The World Bank recently released a list of firms and individuals that are ineligible to receive World Bank financed contracts, for breaching fraud and corruption provisions. The Bank defines 'corrupt practice' as the offering, receiving or soliciting anything of value to influence contract execution. On the other hand, it defines 'fraudulent practice' as misrepresentation of facts in order to influence contract selection or execution, as well as collusive practices among consultants against free competition.
Whereas the bank ought to be hailed for coming up with such noble ideals, it ought to walk the talk before incriminating others. An investigation carried out by the Government Accountability Project (GAP) in 2006 revealed that the bank’s funded projects are plagued by kickbacks, payoffs, bribery, embezzlement and collusive bidding. The World Bank ought to do what it was originally intended to do: help reconstruct devastated parts of the world instead of funding economic hit men to destabilize upcoming economies as revealed by John Perkins, a former respected member of the international banking community, in his book Confessions of an Economic Hit Man.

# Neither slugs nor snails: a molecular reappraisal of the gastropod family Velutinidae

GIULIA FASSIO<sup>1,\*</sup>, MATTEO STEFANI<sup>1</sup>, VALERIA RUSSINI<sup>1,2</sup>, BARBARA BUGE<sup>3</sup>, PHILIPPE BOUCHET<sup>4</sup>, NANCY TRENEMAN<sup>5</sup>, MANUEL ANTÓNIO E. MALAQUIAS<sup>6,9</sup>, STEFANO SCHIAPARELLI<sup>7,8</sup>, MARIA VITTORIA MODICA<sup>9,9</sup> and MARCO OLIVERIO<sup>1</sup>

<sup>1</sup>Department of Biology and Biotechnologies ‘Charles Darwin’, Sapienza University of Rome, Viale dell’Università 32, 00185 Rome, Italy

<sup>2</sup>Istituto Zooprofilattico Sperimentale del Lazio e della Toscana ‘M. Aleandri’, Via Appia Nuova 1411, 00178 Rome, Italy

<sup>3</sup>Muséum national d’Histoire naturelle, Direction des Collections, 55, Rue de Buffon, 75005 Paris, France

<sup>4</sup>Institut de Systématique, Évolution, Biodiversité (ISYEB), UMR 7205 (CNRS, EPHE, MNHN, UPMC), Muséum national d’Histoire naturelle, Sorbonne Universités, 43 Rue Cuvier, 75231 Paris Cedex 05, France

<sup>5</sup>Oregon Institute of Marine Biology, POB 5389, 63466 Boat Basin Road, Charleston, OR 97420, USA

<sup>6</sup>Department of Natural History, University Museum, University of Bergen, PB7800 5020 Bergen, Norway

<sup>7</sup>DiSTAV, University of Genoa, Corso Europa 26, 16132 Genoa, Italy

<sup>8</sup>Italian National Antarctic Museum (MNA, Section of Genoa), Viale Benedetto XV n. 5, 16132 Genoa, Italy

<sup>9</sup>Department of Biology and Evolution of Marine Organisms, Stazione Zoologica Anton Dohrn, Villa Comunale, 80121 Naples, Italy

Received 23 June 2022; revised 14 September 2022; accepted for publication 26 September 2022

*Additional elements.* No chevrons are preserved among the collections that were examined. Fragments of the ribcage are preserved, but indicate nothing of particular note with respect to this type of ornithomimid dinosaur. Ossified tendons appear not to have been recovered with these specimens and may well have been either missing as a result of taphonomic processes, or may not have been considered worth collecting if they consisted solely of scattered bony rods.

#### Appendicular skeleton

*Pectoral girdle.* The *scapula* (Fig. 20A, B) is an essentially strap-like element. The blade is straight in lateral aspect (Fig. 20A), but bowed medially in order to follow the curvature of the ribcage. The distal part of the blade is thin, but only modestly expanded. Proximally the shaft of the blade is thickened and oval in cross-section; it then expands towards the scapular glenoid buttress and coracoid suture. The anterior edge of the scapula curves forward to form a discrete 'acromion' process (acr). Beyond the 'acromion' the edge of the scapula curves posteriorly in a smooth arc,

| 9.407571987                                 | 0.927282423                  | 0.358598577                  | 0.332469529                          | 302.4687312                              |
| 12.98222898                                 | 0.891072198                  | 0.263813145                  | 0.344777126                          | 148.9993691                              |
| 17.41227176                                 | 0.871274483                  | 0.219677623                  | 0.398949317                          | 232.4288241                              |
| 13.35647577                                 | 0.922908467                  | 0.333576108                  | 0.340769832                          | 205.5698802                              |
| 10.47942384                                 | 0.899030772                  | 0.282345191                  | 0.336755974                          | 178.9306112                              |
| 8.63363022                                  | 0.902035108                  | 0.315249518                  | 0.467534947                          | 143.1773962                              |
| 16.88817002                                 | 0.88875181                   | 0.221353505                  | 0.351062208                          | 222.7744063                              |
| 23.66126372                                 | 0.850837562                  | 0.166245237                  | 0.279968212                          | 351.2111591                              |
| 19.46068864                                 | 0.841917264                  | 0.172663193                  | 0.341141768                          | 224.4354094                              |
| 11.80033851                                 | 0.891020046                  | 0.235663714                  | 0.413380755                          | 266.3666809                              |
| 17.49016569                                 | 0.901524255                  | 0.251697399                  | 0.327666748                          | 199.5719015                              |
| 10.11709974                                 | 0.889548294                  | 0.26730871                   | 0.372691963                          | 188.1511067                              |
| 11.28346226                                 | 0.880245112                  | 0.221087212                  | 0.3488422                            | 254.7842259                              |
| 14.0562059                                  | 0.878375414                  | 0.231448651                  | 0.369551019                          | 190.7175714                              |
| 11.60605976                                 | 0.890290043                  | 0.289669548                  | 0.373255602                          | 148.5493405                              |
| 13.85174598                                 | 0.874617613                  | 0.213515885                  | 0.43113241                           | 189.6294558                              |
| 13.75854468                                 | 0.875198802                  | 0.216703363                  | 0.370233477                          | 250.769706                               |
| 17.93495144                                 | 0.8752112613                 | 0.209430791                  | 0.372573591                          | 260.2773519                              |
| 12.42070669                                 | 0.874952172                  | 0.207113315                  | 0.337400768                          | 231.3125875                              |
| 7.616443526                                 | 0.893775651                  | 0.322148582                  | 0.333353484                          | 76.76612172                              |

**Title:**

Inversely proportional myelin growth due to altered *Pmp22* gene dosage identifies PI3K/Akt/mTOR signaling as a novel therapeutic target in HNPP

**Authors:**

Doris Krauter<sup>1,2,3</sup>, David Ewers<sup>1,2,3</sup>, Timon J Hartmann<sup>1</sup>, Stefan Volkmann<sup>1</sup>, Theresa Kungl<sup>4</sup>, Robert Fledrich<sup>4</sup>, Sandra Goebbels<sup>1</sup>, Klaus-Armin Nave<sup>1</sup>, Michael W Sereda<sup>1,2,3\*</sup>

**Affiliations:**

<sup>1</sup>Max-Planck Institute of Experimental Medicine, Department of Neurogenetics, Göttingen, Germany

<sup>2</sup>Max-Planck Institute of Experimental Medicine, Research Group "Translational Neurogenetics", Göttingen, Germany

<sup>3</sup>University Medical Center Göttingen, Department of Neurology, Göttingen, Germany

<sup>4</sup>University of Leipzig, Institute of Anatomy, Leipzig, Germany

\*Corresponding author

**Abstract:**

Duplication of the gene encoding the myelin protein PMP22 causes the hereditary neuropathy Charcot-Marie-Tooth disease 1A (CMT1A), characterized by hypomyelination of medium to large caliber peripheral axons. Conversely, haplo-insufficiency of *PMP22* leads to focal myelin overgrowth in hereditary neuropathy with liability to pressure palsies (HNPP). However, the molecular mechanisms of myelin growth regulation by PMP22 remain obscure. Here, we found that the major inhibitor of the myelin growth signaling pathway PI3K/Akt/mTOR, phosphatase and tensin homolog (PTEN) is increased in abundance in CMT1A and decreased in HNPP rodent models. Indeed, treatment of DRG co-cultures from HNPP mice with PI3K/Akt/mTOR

African countries on the other hand should ensure that proper procurement structures are put in place. Most often, African governments hurriedly award contracts to multinationals on the basis of advice from World Bank 'experts' and often after being given kickbacks. This gives rise to white elephant projects as well as shoddy services with taxpayers bearing the brunt.
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